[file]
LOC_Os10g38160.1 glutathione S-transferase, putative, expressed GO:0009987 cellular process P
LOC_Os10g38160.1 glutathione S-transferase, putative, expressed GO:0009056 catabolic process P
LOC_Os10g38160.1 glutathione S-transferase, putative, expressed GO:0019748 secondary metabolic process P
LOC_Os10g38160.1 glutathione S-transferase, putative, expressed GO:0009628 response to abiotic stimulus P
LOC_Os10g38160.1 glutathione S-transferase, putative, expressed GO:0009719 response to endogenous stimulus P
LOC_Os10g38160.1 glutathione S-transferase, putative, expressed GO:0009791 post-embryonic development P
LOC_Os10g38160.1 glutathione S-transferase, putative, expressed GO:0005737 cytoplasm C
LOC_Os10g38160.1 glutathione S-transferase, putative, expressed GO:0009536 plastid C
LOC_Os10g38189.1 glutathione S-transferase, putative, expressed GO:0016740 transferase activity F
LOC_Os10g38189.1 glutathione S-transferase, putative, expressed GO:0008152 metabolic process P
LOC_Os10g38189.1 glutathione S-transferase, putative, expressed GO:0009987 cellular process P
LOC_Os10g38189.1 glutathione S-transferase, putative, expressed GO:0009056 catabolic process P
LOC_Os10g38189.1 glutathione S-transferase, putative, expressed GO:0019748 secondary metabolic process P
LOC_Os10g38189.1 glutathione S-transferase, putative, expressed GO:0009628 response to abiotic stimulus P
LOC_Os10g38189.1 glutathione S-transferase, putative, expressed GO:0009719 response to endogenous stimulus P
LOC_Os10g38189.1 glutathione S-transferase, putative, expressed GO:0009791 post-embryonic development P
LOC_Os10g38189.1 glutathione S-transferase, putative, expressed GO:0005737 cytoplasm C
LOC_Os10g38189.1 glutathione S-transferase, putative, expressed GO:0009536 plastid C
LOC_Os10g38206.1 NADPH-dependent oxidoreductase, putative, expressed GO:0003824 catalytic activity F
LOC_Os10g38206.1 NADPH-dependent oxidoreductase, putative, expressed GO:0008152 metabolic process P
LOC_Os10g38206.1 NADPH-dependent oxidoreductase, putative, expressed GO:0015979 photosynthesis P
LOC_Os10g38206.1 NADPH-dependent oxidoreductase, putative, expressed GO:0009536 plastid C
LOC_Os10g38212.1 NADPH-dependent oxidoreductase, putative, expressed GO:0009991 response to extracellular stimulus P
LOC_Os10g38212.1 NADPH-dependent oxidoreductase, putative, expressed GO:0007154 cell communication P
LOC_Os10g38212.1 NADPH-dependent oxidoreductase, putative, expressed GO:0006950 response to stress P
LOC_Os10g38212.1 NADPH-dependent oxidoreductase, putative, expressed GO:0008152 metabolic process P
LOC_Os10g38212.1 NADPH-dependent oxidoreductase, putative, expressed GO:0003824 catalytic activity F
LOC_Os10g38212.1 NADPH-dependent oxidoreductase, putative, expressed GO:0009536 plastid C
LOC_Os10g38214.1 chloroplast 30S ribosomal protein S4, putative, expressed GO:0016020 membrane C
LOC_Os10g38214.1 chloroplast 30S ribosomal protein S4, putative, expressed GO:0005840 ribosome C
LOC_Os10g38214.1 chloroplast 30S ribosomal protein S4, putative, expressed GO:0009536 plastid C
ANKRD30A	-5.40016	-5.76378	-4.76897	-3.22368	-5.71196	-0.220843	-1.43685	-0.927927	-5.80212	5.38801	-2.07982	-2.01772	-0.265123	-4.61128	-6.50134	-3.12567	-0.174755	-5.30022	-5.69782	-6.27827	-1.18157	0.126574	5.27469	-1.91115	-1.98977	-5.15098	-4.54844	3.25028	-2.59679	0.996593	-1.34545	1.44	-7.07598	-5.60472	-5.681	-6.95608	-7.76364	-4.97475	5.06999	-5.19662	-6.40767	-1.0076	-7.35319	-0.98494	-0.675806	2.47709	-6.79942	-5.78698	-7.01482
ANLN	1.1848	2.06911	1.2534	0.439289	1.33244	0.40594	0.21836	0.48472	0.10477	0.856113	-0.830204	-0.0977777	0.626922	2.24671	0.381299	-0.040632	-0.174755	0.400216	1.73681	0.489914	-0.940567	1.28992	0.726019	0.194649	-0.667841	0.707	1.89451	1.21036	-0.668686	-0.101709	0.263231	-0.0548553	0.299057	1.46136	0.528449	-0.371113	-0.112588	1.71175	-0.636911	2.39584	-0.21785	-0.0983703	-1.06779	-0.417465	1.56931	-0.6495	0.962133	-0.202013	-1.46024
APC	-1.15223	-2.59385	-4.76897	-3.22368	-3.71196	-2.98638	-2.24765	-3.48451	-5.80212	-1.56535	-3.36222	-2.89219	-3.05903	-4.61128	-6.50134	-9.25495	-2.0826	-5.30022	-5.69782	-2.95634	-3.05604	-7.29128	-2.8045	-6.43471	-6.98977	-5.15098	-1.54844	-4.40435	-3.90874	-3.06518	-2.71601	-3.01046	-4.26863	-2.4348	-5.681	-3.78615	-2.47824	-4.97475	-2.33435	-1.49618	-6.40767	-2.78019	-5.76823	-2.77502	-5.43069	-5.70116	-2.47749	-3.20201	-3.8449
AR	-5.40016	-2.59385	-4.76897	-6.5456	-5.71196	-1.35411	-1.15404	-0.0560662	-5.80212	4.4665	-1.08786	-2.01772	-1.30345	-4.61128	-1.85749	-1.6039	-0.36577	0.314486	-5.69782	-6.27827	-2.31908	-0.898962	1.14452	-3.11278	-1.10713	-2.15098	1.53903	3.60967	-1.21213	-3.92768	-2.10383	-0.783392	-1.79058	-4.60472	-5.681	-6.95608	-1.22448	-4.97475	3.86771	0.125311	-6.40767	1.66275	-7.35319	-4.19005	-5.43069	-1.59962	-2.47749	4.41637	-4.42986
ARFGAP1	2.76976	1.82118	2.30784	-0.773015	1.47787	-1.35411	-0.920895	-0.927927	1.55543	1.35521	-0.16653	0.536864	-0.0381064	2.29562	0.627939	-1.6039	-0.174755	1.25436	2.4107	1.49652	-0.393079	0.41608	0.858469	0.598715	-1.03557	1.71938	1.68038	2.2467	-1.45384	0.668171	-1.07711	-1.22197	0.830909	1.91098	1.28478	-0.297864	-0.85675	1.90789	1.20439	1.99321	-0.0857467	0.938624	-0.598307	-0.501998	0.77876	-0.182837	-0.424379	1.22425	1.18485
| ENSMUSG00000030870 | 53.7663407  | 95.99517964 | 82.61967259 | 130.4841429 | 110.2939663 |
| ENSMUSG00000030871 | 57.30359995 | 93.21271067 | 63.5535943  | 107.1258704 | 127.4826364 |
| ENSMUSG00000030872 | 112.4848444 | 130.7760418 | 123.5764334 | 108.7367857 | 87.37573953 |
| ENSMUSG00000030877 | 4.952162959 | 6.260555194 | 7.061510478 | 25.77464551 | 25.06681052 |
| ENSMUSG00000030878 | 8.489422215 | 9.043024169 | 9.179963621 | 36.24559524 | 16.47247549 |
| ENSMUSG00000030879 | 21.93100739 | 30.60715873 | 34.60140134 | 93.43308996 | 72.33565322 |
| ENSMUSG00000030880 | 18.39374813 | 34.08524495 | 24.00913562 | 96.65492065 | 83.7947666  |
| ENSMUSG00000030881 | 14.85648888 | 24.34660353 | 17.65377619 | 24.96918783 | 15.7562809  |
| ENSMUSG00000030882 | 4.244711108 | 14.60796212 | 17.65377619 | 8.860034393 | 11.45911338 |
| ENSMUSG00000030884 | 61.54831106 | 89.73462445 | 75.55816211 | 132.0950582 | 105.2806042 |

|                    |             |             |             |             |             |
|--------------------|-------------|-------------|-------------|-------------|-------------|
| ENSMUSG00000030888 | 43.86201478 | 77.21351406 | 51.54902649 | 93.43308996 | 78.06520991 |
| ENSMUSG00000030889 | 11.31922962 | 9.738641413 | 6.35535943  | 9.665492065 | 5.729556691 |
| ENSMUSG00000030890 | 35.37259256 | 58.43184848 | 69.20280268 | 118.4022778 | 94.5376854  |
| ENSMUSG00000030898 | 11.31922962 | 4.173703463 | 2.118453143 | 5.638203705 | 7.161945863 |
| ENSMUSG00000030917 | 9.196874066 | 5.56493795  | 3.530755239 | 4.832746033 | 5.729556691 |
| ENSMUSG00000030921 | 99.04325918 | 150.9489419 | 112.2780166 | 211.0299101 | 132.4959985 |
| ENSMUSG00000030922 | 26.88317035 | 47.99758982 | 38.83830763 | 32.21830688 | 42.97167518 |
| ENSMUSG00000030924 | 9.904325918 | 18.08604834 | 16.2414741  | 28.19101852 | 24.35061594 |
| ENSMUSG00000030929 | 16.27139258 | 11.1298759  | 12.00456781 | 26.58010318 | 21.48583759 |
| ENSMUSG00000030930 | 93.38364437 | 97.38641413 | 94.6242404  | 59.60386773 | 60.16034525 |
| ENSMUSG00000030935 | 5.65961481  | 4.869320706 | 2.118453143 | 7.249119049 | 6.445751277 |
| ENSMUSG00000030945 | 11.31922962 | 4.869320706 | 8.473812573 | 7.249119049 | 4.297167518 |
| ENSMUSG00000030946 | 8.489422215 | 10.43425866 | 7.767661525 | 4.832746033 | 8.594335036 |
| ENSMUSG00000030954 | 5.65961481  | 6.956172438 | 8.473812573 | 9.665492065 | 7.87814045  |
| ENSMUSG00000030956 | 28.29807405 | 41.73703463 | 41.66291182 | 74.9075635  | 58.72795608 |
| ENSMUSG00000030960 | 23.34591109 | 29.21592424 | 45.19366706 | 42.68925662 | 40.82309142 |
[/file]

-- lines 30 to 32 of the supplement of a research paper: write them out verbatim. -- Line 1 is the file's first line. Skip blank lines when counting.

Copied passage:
LOC_Os10g38214.1 chloroplast 30S ribosomal protein S4, putative, expressed GO:0005840 ribosome C
LOC_Os10g38214.1 chloroplast 30S ribosomal protein S4, putative, expressed GO:0009536 plastid C
ANKRD30A	-5.40016	-5.76378	-4.76897	-3.22368	-5.71196	-0.220843	-1.43685	-0.927927	-5.80212	5.38801	-2.07982	-2.01772	-0.265123	-4.61128	-6.50134	-3.12567	-0.174755	-5.30022	-5.69782	-6.27827	-1.18157	0.126574	5.27469	-1.91115	-1.98977	-5.15098	-4.54844	3.25028	-2.59679	0.996593	-1.34545	1.44	-7.07598	-5.60472	-5.681	-6.95608	-7.76364	-4.97475	5.06999	-5.19662	-6.40767	-1.0076	-7.35319	-0.98494	-0.675806	2.47709	-6.79942	-5.78698	-7.01482